One guess is almost as good as another about what is going on behind the curtain at the court of appeals, and what the ruling will be in the mandamus action, since it is starting all over before 10 judges instead of three.  If the final vote is tied at 5-5, the court's internal operating procedures say:  "the Court will enter a judgment affirming the order or judgment under review [the original one in favor of Flynn], and it may publish the en banc Court's divided views".  Otherwise, the key is six votes. 

The oral argument is set for Tuesday, 11 August 2020, at 9:30 a.m. before the federal Court of Appeals for the District of Columbia Circuit, sitting en banc. 


[1]  Title 28, United States Code, section 455.  Disqualification of justice, judge, or magistrate judge.

[2]  Federal Rule of Appellate Procedure 21.  Writs of Mandamus and Prohibition, and Other Extraordinary Writs.

[3]  Order of the court of appeals on 21 May 2020 about filing responses in the mandamus action after it was first filed,  and it directed Judge Sullivan to do a response.

[4]  An excerpt of three pages from the U.S. Supreme Court opinion, entitled Cheney, Vice President of the United States, et. al. v. United States District Court for the District of Columbia, et. al., 542 U.S. 367 (2004).  Pages 380-382.

[5]  An excerpt of four pages, starting with subpart 'II-B', from the opinion of the U.S. Court of Appeals for the D.C. Circuit in the case entitled, United States v. Fokker Services, B.V., 818 F.3d 733 (D.C. Cir. 2016).


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23 Responses to The court of appeals wants oral argument about disqualifying Judge Sullivan in the Flynn case

  1. walrus says:

    Thank you once again for your cogent description of what is being done to Gen. Flynn. Watching the behaviour of the Court feels like watching the dissection of a living animal without anaesthetic.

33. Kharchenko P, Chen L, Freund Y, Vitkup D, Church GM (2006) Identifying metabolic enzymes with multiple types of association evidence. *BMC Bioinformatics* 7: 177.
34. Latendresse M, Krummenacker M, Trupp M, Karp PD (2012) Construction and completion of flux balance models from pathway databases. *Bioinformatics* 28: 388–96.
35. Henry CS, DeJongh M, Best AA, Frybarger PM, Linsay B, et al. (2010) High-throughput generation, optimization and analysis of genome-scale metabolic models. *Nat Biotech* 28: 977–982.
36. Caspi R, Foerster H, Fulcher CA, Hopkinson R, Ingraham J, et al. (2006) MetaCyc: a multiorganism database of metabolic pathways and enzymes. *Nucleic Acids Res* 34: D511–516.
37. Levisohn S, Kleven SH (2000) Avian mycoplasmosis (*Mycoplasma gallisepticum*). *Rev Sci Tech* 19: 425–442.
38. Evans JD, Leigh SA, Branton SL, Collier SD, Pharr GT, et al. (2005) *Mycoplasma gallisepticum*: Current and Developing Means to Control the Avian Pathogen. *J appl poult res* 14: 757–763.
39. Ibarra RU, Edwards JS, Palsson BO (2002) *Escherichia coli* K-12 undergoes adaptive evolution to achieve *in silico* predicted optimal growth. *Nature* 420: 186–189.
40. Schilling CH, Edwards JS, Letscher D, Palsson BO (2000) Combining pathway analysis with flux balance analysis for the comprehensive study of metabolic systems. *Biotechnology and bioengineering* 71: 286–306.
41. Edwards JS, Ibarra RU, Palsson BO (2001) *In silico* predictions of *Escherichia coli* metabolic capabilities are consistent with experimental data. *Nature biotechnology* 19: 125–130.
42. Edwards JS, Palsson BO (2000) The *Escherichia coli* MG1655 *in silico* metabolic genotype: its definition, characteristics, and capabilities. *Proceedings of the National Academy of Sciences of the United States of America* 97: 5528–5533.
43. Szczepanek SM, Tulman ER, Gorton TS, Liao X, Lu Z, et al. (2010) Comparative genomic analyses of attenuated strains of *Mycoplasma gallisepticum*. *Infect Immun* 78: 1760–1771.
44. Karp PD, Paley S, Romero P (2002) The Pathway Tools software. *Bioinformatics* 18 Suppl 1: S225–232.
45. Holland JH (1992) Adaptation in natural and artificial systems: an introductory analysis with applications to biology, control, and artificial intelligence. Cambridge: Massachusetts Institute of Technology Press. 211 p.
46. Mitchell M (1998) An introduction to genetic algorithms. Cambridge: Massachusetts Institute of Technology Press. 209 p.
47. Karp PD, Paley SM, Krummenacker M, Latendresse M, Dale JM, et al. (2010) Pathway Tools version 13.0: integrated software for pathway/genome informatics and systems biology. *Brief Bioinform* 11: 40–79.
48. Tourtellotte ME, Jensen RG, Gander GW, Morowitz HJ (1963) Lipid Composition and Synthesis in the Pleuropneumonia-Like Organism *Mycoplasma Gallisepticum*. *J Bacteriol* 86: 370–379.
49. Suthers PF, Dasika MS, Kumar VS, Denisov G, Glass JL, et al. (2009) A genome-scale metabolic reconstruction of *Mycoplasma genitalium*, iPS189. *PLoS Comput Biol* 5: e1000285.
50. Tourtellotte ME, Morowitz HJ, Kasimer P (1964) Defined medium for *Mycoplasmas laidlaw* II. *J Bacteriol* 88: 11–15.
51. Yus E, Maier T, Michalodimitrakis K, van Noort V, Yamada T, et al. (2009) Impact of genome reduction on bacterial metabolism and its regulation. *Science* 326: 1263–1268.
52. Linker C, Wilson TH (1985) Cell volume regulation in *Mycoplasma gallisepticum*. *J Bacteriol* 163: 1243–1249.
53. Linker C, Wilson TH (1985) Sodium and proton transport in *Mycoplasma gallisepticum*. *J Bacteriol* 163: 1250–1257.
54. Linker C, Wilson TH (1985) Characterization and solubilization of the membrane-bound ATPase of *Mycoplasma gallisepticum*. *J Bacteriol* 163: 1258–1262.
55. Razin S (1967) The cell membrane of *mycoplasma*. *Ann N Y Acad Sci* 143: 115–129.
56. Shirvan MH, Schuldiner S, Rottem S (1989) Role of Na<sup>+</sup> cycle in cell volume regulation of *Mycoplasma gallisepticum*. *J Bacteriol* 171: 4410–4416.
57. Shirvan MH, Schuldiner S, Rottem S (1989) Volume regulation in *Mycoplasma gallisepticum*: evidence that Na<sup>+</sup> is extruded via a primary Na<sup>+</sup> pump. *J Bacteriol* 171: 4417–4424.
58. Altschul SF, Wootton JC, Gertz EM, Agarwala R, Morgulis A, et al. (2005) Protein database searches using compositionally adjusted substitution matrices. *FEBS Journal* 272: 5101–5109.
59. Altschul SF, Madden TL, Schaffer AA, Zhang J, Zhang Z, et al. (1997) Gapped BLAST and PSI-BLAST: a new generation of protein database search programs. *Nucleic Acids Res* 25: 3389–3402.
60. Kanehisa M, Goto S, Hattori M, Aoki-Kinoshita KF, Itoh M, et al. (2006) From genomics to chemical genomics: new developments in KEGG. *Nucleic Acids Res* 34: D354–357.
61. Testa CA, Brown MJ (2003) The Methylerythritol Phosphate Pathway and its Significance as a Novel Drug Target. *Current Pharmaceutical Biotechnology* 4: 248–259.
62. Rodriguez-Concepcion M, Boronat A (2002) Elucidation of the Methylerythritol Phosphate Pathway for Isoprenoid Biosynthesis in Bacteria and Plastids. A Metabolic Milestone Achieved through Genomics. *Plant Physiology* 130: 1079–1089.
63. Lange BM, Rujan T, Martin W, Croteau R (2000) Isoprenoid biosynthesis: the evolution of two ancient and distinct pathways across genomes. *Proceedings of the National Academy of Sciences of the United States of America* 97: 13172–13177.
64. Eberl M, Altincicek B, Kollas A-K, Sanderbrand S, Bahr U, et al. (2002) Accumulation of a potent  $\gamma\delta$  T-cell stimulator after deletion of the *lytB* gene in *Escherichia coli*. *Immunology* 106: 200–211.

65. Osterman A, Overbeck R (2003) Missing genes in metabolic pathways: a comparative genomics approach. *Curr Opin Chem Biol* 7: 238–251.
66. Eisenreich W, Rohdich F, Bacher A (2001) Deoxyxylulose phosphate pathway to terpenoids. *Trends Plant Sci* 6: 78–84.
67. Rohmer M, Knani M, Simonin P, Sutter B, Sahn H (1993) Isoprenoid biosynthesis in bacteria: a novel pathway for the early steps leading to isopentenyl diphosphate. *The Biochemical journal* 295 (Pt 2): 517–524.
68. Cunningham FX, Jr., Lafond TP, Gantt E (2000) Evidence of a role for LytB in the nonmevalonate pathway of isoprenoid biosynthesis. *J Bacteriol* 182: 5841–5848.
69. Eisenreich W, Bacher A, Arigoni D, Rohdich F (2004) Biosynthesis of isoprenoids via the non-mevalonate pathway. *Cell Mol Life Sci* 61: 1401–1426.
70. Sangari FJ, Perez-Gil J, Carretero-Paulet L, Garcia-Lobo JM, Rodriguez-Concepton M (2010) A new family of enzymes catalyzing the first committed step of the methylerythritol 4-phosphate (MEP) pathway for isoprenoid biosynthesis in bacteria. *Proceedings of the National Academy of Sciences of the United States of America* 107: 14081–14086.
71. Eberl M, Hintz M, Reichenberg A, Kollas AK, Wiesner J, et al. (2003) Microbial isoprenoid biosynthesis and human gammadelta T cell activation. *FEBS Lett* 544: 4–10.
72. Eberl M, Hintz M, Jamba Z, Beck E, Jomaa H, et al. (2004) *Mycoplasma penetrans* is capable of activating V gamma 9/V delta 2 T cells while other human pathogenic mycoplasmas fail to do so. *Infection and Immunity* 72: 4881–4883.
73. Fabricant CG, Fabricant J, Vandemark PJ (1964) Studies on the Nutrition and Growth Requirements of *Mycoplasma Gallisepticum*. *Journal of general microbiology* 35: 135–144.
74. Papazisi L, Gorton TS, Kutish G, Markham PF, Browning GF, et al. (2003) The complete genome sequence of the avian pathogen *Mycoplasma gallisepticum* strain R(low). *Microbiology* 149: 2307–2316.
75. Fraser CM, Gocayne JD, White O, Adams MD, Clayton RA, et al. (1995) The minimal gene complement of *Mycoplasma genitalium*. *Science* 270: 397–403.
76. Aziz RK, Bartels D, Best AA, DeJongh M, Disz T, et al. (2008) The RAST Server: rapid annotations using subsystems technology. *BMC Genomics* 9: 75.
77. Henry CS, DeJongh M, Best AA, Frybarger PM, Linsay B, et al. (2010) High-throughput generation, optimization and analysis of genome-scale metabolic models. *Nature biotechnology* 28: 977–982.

2. akaPatience says:

    Thank you so much for this thorough and easy-to-understand explanation Mr. Willmann – I truly appreciate it.

  3. Chuck Light says:

    It seems natural to me that the En Banc panel would raise the issue of impartiality, as Flynn has raised it since he changed his legal representation, and specifically raised it as an issue in his Petition for Mandamus.
    28 USC 455(b)(5)(i) raises IMHO a more interesting question, and one that I raised earlier. Did the original appellate panel make Judge Sullivan a “party” to the Petition for Mandamus by demanding that he officially respond to Flynn’s Petition? If it did, did that “status” confered by FRAP Rule 21 authorize Judge Sullivan to petition for rehearing en banc pursuant to FRAP Rule 35. If he does not become a “party” to the Mandamus Petition pursuant to FRAP Rule 21, was he ever authorized to seek en banc review?
    And if Judge Sullivan became a “party” pursuant to FRAP Rule 21, does 28 USC 455(b)(5)(i), require him to disqualify himself from further participation in the underlying criminal action? In other words, did the original appellate panel, by its order to Judge Sullivan that he respond to the Petition for Mandamus pursuant to FRAP Rule 21, put Judge Sullivan in the position of having to recuse himself because of his compelled status as a “party” to the mandamus proceeding.

  4. Keith Harbaugh says:

    Thank you for this clear and detailed account of the issues.
    The oral argument can be heard at
    If there is a problem with that, try this:

  5. Graham in Madison, WI says:

    Four years ago I had considerable faith and trust in the federal judiciary and the ability of federal judges to set aside personal politics and act according to the law. Same with the FBI for whom I had a great deal of respect.